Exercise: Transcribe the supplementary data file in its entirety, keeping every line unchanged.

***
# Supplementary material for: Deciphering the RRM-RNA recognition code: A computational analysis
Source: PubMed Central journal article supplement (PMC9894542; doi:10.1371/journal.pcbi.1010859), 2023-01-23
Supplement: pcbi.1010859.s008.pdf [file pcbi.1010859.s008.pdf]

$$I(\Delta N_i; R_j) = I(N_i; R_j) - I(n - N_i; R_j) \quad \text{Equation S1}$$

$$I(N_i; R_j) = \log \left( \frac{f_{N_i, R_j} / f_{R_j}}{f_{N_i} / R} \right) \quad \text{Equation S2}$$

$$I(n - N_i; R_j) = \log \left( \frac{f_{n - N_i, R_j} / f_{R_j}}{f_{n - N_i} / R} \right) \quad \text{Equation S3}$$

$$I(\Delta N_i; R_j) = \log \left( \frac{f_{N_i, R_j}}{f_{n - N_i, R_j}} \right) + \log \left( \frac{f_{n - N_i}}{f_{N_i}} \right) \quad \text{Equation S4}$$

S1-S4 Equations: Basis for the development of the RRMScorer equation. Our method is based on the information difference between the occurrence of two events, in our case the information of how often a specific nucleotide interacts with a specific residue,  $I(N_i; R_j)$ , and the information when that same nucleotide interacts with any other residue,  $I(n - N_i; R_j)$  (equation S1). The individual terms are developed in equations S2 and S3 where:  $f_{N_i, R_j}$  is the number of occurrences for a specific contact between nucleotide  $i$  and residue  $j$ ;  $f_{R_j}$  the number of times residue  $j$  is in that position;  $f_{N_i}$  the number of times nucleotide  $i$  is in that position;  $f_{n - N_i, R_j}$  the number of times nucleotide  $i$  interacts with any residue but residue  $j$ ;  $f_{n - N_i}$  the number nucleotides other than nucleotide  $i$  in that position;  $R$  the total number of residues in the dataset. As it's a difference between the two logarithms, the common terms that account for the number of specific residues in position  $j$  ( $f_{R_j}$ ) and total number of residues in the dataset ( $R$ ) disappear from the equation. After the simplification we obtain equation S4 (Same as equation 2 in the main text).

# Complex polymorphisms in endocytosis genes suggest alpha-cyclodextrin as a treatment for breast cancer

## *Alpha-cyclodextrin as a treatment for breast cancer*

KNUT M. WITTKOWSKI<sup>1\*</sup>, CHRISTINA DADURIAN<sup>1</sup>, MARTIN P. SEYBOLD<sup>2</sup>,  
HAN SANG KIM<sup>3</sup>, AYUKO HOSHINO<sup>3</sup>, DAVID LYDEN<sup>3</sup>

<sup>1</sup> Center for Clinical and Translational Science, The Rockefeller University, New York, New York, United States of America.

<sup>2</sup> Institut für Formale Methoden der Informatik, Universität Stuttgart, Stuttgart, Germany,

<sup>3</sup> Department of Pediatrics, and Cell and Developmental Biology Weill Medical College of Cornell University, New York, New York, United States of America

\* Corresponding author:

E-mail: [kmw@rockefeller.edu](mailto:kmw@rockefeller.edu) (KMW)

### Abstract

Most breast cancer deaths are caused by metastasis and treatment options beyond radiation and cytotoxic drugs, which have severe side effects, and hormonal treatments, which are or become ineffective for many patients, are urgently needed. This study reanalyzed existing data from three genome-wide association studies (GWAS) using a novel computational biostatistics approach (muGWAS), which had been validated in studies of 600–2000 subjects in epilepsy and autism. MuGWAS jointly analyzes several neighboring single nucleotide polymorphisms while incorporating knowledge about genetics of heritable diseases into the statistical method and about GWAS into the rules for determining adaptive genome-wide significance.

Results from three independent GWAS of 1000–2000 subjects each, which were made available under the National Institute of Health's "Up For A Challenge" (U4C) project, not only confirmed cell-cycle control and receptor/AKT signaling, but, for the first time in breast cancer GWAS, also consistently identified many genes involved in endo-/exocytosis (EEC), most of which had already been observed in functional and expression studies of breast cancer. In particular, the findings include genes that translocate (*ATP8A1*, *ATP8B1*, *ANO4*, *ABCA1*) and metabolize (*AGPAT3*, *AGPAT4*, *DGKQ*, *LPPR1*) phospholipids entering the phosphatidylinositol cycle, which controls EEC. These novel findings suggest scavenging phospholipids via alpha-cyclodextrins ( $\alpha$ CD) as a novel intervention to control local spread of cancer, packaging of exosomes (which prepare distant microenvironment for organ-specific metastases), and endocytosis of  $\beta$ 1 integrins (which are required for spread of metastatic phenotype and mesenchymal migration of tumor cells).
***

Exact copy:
# Supplementary material for: Deciphering the RRM-RNA recognition code: A computational analysis
Source: PubMed Central journal article supplement (PMC9894542; doi:10.1371/journal.pcbi.1010859), 2023-01-23
Supplement: pcbi.1010859.s008.pdf [file pcbi.1010859.s008.pdf]

$$I(\Delta N_i; R_j) = I(N_i; R_j) - I(n - N_i; R_j) \quad \text{Equation S1}$$

$$I(N_i; R_j) = \log \left( \frac{f_{N_i, R_j} / f_{R_j}}{f_{N_i} / R} \right) \quad \text{Equation S2}$$

$$I(n - N_i; R_j) = \log \left( \frac{f_{n - N_i, R_j} / f_{R_j}}{f_{n - N_i} / R} \right) \quad \text{Equation S3}$$

$$I(\Delta N_i; R_j) = \log \left( \frac{f_{N_i, R_j}}{f_{n - N_i, R_j}} \right) + \log \left( \frac{f_{n - N_i}}{f_{N_i}} \right) \quad \text{Equation S4}$$

S1-S4 Equations: Basis for the development of the RRMScorer equation. Our method is based on the information difference between the occurrence of two events, in our case the information of how often a specific nucleotide interacts with a specific residue,  $I(N_i; R_j)$ , and the information when that same nucleotide interacts with any other residue,  $I(n - N_i; R_j)$  (equation S1). The individual terms are developed in equations S2 and S3 where:  $f_{N_i, R_j}$  is the number of occurrences for a specific contact between nucleotide  $i$  and residue  $j$ ;  $f_{R_j}$  the number of times residue  $j$  is in that position;  $f_{N_i}$  the number of times nucleotide  $i$  is in that position;  $f_{n - N_i, R_j}$  the number of times nucleotide  $i$  interacts with any residue but residue  $j$ ;  $f_{n - N_i}$  the number nucleotides other than nucleotide  $i$  in that position;  $R$  the total number of residues in the dataset. As it's a difference between the two logarithms, the common terms that account for the number of specific residues in position  $j$  ( $f_{R_j}$ ) and total number of residues in the dataset ( $R$ ) disappear from the equation. After the simplification we obtain equation S4 (Same as equation 2 in the main text).

# Complex polymorphisms in endocytosis genes suggest alpha-cyclodextrin as a treatment for breast cancer

## *Alpha-cyclodextrin as a treatment for breast cancer*

KNUT M. WITTKOWSKI<sup>1\*</sup>, CHRISTINA DADURIAN<sup>1</sup>, MARTIN P. SEYBOLD<sup>2</sup>,  
HAN SANG KIM<sup>3</sup>, AYUKO HOSHINO<sup>3</sup>, DAVID LYDEN<sup>3</sup>

<sup>1</sup> Center for Clinical and Translational Science, The Rockefeller University, New York, New York, United States of America.

<sup>2</sup> Institut für Formale Methoden der Informatik, Universität Stuttgart, Stuttgart, Germany,

<sup>3</sup> Department of Pediatrics, and Cell and Developmental Biology Weill Medical College of Cornell University, New York, New York, United States of America

\* Corresponding author:

E-mail: [kmw@rockefeller.edu](mailto:kmw@rockefeller.edu) (KMW)

### Abstract

Most breast cancer deaths are caused by metastasis and treatment options beyond radiation and cytotoxic drugs, which have severe side effects, and hormonal treatments, which are or become ineffective for many patients, are urgently needed. This study reanalyzed existing data from three genome-wide association studies (GWAS) using a novel computational biostatistics approach (muGWAS), which had been validated in studies of 600–2000 subjects in epilepsy and autism. MuGWAS jointly analyzes several neighboring single nucleotide polymorphisms while incorporating knowledge about genetics of heritable diseases into the statistical method and about GWAS into the rules for determining adaptive genome-wide significance.

Results from three independent GWAS of 1000–2000 subjects each, which were made available under the National Institute of Health's "Up For A Challenge" (U4C) project, not only confirmed cell-cycle control and receptor/AKT signaling, but, for the first time in breast cancer GWAS, also consistently identified many genes involved in endo-/exocytosis (EEC), most of which had already been observed in functional and expression studies of breast cancer. In particular, the findings include genes that translocate (*ATP8A1*, *ATP8B1*, *ANO4*, *ABCA1*) and metabolize (*AGPAT3*, *AGPAT4*, *DGKQ*, *LPPR1*) phospholipids entering the phosphatidylinositol cycle, which controls EEC. These novel findings suggest scavenging phospholipids via alpha-cyclodextrins ( $\alpha$ CD) as a novel intervention to control local spread of cancer, packaging of exosomes (which prepare distant microenvironment for organ-specific metastases), and endocytosis of  $\beta$ 1 integrins (which are required for spread of metastatic phenotype and mesenchymal migration of tumor cells).